Dynamic and Static Addresses

As noted above, there is only a finite number of available IP addresses, even on the largest of WANs, the Internet. Simply put, there aren't enough addresses for everyone.

Dynamic Addresses on The Internet

Let's say an Internet Service Provider has 100,000 users subscribed. Does that mean the ISP must also lease 100,000 "real" IP addresses -- one per user account?

Luckily, no. When you think about it -- it's highly unlikely that all 100,000 users will be connected at any given moment. Most likely, only a certain percentage of the users will be concurrently connected -- perhaps only 40% of all users registered with this ISP. So, this ISP theoretically only needs 40,000 "real" IP addresses to satisfy all the needs of its clients at any given moment -- which is 60,000 less IP addresses to lease.

So, the obvious solution for this ISP is to lease 40,000 "real" IP addresses, and to dynamically assign those IP addresses to the hosts who wish to connect. A host logs on, authenticates with the ISP (provides username and password), and is then assigned an IP address for use while online.

When that host closes the connection, the address is 'reserved' for him for a certain amount of time -- so if he re-connects within 5 minutes it is likely that he will get the same address. However, once that set amount of time elapses, the IP address is no longer reserved, and returns to the address pool . Some time later, a different host connects and gets that same address.

That is how dynamic addresses are usually used in the context of the internet.

Dynamic Addresses on A LAN

The internet isn't the only place where dynamic IP addresses can be of use. Some corporations run very large internal networks (whether LANs, in one large installation, or WANs, connecting several remote places). When you have thousands of hosts connected to the same network, manually assigning an IP address for each and every one of them can be quite a hassle. It is also error prone -- what if you happen to assign the same IP address to two hosts? Or what if you made a typo?

Thus, dynamic IP addresses are often used also for LANs. Once you perform the initial setup, the system 'runs itself', and every host gets a correct address automatically.


The protocol by which a host asks to be assigned an IP address, and gets that dynamic IP address, is called DHCP, which stands for Dynamic Host Configuration Protocol.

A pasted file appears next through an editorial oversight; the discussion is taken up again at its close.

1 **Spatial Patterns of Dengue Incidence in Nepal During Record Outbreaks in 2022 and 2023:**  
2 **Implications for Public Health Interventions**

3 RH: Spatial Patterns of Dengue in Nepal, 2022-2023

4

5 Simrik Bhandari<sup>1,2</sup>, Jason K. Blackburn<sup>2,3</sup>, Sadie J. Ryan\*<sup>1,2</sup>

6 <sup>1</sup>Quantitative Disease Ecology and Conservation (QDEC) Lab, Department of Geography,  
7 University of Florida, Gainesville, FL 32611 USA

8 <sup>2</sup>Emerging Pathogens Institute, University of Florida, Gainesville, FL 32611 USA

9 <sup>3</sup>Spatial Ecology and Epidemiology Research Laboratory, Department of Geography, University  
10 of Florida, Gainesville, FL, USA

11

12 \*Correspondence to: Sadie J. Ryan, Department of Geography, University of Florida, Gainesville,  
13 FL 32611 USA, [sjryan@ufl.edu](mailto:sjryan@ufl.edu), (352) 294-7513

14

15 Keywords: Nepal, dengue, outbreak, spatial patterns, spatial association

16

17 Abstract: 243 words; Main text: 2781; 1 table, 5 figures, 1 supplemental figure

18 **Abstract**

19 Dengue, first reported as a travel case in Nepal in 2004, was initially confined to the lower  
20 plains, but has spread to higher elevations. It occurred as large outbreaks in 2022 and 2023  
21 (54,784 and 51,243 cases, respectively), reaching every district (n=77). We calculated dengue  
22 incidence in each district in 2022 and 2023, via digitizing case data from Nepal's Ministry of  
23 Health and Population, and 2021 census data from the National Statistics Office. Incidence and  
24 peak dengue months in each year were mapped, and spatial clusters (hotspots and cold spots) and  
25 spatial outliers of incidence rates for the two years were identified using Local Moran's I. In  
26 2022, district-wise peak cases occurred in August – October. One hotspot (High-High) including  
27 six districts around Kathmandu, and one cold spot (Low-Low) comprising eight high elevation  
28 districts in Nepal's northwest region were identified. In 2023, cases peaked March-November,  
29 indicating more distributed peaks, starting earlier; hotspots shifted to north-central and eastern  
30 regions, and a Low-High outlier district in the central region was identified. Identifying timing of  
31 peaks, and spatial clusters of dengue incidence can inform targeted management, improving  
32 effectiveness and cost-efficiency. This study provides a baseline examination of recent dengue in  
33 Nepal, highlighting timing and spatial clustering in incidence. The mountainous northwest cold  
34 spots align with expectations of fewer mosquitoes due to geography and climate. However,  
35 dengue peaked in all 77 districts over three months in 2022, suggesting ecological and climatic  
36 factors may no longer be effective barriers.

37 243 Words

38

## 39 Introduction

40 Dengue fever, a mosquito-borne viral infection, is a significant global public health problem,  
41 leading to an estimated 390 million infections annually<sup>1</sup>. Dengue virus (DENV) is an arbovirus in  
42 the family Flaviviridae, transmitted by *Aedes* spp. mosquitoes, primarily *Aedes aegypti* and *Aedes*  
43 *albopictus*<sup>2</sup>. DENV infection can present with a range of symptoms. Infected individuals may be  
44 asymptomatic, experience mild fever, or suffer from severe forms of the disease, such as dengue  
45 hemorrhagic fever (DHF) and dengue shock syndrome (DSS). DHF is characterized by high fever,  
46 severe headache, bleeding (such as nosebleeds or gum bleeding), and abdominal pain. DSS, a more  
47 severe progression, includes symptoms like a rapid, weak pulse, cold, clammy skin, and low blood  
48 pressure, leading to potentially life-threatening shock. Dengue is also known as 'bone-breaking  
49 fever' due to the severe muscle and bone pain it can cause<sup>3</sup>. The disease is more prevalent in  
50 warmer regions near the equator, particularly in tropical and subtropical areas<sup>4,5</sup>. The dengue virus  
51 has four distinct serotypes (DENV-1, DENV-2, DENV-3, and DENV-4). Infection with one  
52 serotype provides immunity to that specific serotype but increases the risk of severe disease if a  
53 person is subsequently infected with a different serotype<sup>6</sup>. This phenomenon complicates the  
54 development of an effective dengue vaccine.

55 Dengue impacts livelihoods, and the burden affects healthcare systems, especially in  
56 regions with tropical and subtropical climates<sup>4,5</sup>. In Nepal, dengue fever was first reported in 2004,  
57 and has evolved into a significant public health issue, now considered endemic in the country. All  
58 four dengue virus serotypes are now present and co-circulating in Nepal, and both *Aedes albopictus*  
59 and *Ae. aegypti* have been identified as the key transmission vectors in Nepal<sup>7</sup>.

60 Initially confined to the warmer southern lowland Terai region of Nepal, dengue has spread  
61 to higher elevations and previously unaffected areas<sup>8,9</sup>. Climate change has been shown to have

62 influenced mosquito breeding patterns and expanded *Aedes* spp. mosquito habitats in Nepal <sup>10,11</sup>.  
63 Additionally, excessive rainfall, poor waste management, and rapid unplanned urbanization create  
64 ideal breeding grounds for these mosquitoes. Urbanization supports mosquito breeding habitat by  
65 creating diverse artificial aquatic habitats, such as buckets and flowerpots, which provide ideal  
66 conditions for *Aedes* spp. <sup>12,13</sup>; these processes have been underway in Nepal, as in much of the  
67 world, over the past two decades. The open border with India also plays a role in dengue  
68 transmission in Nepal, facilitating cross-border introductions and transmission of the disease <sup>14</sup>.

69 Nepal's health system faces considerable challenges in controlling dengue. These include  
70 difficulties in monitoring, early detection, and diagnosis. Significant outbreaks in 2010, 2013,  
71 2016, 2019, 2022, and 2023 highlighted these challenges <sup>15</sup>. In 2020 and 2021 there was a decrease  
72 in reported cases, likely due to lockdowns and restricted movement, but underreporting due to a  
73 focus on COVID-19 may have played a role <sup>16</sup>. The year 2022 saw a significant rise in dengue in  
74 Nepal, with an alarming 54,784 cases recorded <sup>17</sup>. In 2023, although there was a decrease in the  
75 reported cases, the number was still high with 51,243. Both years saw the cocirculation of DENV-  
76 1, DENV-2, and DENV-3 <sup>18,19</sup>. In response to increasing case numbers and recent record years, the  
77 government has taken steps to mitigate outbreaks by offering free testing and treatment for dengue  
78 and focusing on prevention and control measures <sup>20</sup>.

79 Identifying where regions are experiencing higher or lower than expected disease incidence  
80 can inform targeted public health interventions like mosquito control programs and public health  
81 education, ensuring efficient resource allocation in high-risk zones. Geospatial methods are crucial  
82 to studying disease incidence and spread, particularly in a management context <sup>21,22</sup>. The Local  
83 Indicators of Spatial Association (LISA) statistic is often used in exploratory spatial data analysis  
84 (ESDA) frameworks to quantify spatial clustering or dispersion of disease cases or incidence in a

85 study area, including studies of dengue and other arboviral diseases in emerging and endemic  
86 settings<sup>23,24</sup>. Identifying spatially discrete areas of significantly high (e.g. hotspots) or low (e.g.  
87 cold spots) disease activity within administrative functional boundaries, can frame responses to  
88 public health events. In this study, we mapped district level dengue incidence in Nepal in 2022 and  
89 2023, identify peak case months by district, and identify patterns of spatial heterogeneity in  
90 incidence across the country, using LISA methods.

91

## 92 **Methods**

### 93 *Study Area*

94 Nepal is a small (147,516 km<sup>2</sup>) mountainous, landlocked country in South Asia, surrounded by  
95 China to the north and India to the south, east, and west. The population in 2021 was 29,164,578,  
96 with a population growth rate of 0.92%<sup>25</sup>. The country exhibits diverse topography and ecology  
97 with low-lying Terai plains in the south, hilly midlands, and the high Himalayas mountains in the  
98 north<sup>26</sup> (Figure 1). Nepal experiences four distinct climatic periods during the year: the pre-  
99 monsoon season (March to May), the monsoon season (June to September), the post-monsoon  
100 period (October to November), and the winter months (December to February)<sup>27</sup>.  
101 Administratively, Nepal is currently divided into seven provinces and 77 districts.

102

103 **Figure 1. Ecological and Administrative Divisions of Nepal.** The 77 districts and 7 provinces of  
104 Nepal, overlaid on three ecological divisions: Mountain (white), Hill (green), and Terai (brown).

Disadvantages of Dynamic Addresses

So far we've come to see that dynamic IP addresses seem to save quite a lot of money and manual labor. So -- what could possibly wrong with them?

Let's say you wish to talk to a friend. You both know each other's number, so you call each other. One day, you get a new mobile phone, and your old number is no longer valid. Until you let your friend know your new number -- only you can call him. He won't be able to call you, as he doesn't have your number.

Now, what happens if before you've had a chance to call your friend and let him know you have a new number, he got a new number as well? Now, neither one of you can call the other!

That is the main drawback of using dynamic addresses. If the computer you're trying to reach has an IP address which sometimes changes, you can never be sure it will be there next time you'll want to access it.

For reliable communication, each connection must have at least one end which is fixed. The dynamic end of the connection will be able to reach the fixed end. If both ends are fixed, they will of course be able to freely originate communications to each other (just like when calling your friend from above).

Static Addresses

As covered above, static addresses are mostly needed for internet servers. When you need to be able to reach a certain host on the network, that host needs a static IP address! You need to know where it is, to reach it. Static IP addresses can be leased from any ISP.